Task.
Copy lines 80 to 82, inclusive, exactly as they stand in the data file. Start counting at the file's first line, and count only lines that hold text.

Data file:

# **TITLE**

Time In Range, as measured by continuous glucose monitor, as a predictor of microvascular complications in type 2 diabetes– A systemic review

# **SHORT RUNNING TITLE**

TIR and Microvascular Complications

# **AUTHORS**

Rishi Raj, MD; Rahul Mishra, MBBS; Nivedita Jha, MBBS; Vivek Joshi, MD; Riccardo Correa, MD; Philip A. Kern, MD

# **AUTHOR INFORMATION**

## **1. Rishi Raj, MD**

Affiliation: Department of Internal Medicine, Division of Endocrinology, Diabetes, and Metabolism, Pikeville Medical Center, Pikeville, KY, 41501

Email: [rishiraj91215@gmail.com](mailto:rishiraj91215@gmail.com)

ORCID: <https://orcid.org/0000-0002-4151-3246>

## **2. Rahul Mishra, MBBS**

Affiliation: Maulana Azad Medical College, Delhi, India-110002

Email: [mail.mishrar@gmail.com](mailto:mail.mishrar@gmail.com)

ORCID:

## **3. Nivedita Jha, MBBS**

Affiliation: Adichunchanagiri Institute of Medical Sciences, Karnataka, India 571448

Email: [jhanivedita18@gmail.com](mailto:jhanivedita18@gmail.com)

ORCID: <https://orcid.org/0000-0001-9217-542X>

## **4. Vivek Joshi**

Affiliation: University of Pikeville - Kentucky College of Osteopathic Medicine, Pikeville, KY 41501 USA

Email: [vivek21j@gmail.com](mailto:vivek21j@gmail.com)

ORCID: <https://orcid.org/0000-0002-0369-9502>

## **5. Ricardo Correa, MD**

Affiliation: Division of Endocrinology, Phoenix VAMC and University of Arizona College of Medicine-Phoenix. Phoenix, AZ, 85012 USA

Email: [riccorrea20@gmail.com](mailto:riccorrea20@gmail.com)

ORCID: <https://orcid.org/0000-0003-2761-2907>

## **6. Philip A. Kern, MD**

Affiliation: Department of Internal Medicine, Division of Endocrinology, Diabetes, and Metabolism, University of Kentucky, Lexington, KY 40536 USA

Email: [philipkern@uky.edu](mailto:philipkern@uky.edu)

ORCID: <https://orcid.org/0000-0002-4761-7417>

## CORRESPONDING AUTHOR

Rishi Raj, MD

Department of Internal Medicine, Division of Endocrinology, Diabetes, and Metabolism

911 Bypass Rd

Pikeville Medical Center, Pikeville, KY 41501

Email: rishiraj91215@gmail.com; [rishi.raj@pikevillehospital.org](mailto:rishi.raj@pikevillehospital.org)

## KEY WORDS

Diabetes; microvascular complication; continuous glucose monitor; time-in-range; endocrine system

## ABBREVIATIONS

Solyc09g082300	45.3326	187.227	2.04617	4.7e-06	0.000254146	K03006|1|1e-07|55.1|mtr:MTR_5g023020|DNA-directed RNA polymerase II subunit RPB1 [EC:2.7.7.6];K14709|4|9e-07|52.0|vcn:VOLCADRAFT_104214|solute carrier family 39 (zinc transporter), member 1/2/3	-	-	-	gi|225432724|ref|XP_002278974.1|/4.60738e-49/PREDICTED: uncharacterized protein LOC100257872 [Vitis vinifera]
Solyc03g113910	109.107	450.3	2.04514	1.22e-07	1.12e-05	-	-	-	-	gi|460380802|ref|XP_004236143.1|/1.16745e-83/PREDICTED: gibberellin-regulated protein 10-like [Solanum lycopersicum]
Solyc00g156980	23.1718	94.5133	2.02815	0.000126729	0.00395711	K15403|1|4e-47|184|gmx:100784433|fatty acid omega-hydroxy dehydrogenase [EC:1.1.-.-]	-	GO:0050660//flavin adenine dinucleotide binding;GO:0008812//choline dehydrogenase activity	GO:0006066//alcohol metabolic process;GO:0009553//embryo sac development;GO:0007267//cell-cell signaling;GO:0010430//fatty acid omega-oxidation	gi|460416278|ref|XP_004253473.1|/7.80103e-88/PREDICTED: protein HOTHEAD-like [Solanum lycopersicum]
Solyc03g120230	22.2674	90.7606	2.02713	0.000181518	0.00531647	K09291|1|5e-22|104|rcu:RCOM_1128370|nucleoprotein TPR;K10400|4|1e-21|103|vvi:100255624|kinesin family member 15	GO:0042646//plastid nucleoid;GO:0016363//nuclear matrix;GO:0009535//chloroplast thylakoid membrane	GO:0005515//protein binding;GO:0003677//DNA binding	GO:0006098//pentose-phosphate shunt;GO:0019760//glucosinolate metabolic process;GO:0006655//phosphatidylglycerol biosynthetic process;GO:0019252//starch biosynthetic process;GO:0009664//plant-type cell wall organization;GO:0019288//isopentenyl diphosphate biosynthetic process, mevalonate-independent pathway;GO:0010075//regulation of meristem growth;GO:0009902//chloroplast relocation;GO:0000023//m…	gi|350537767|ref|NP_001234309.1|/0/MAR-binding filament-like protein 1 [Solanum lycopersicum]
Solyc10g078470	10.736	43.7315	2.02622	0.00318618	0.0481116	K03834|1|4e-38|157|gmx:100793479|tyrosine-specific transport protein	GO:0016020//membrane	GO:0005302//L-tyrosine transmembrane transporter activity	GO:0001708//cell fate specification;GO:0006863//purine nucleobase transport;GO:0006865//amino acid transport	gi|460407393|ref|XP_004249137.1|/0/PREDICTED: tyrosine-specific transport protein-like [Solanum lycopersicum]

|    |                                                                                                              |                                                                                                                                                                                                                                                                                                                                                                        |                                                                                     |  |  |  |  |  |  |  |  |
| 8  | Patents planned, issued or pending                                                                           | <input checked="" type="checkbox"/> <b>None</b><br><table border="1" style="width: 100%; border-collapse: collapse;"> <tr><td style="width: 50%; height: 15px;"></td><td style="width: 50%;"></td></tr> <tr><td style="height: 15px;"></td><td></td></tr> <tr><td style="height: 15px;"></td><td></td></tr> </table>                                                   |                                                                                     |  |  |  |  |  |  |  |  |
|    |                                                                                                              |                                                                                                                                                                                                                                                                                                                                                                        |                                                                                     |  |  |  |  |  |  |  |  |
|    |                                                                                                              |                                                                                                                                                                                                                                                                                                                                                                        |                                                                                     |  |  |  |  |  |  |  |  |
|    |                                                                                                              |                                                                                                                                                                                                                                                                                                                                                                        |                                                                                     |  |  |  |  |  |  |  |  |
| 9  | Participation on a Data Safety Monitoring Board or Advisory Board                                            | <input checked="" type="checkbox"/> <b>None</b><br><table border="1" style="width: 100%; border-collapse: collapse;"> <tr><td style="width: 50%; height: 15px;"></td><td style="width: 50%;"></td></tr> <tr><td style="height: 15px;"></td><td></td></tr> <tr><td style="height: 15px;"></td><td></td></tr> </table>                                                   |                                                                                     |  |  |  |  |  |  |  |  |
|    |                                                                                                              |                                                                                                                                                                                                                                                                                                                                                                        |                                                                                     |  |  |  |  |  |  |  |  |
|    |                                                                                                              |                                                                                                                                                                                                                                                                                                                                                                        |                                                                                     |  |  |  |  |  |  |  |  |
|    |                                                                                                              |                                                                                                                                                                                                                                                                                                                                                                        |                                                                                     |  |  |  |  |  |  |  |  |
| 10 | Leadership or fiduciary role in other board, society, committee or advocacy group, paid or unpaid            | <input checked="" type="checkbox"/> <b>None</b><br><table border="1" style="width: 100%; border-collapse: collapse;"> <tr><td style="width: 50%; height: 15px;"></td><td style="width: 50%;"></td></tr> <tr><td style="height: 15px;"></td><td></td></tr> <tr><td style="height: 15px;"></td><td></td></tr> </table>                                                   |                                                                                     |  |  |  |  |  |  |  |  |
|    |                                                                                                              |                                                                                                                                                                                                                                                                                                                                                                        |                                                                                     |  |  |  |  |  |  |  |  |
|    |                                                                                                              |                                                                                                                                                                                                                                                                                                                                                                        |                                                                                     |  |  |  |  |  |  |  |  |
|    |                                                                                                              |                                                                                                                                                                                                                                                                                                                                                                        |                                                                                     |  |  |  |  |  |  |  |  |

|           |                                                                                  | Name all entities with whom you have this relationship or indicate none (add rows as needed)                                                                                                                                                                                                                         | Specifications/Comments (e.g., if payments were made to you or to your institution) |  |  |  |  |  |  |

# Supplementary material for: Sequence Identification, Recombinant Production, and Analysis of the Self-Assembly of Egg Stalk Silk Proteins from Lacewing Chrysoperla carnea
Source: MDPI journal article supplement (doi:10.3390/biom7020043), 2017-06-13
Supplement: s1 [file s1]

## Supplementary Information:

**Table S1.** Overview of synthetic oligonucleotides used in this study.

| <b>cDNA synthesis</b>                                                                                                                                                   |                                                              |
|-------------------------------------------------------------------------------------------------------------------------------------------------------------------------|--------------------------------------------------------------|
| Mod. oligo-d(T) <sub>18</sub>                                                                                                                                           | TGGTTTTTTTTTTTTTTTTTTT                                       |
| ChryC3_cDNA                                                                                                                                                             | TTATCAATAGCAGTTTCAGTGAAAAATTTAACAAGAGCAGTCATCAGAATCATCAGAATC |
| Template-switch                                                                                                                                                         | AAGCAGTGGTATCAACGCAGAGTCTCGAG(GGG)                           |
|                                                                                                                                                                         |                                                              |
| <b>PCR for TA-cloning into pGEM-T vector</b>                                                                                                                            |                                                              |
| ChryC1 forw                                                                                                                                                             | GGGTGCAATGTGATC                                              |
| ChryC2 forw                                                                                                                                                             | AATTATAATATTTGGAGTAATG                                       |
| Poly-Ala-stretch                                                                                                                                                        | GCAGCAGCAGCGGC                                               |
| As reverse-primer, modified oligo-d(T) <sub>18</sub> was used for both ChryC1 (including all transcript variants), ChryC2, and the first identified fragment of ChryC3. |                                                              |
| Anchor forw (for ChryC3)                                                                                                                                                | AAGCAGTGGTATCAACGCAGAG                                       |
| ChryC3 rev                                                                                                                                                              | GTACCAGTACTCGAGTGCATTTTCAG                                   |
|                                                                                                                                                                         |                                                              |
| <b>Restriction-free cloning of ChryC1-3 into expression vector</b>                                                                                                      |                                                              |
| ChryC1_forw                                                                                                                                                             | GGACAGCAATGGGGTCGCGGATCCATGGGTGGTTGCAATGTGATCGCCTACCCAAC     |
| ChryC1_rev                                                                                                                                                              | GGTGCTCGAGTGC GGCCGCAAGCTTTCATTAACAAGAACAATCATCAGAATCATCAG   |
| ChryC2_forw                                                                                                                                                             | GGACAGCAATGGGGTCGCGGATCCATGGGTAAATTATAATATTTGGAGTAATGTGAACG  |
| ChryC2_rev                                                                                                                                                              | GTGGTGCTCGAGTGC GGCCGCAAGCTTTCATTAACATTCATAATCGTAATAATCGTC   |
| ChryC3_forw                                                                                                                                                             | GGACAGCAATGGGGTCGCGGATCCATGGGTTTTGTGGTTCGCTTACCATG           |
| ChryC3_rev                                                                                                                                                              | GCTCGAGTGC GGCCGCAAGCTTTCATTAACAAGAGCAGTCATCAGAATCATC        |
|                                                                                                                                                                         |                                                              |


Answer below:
| ChryC1_forw                                                                                                                                                             | GGACAGCAATGGGGTCGCGGATCCATGGGTGGTTGCAATGTGATCGCCTACCCAAC     |
| ChryC1_rev                                                                                                                                                              | GGTGCTCGAGTGC GGCCGCAAGCTTTCATTAACAAGAACAATCATCAGAATCATCAG   |
| ChryC2_forw                                                                                                                                                             | GGACAGCAATGGGGTCGCGGATCCATGGGTAAATTATAATATTTGGAGTAATGTGAACG  |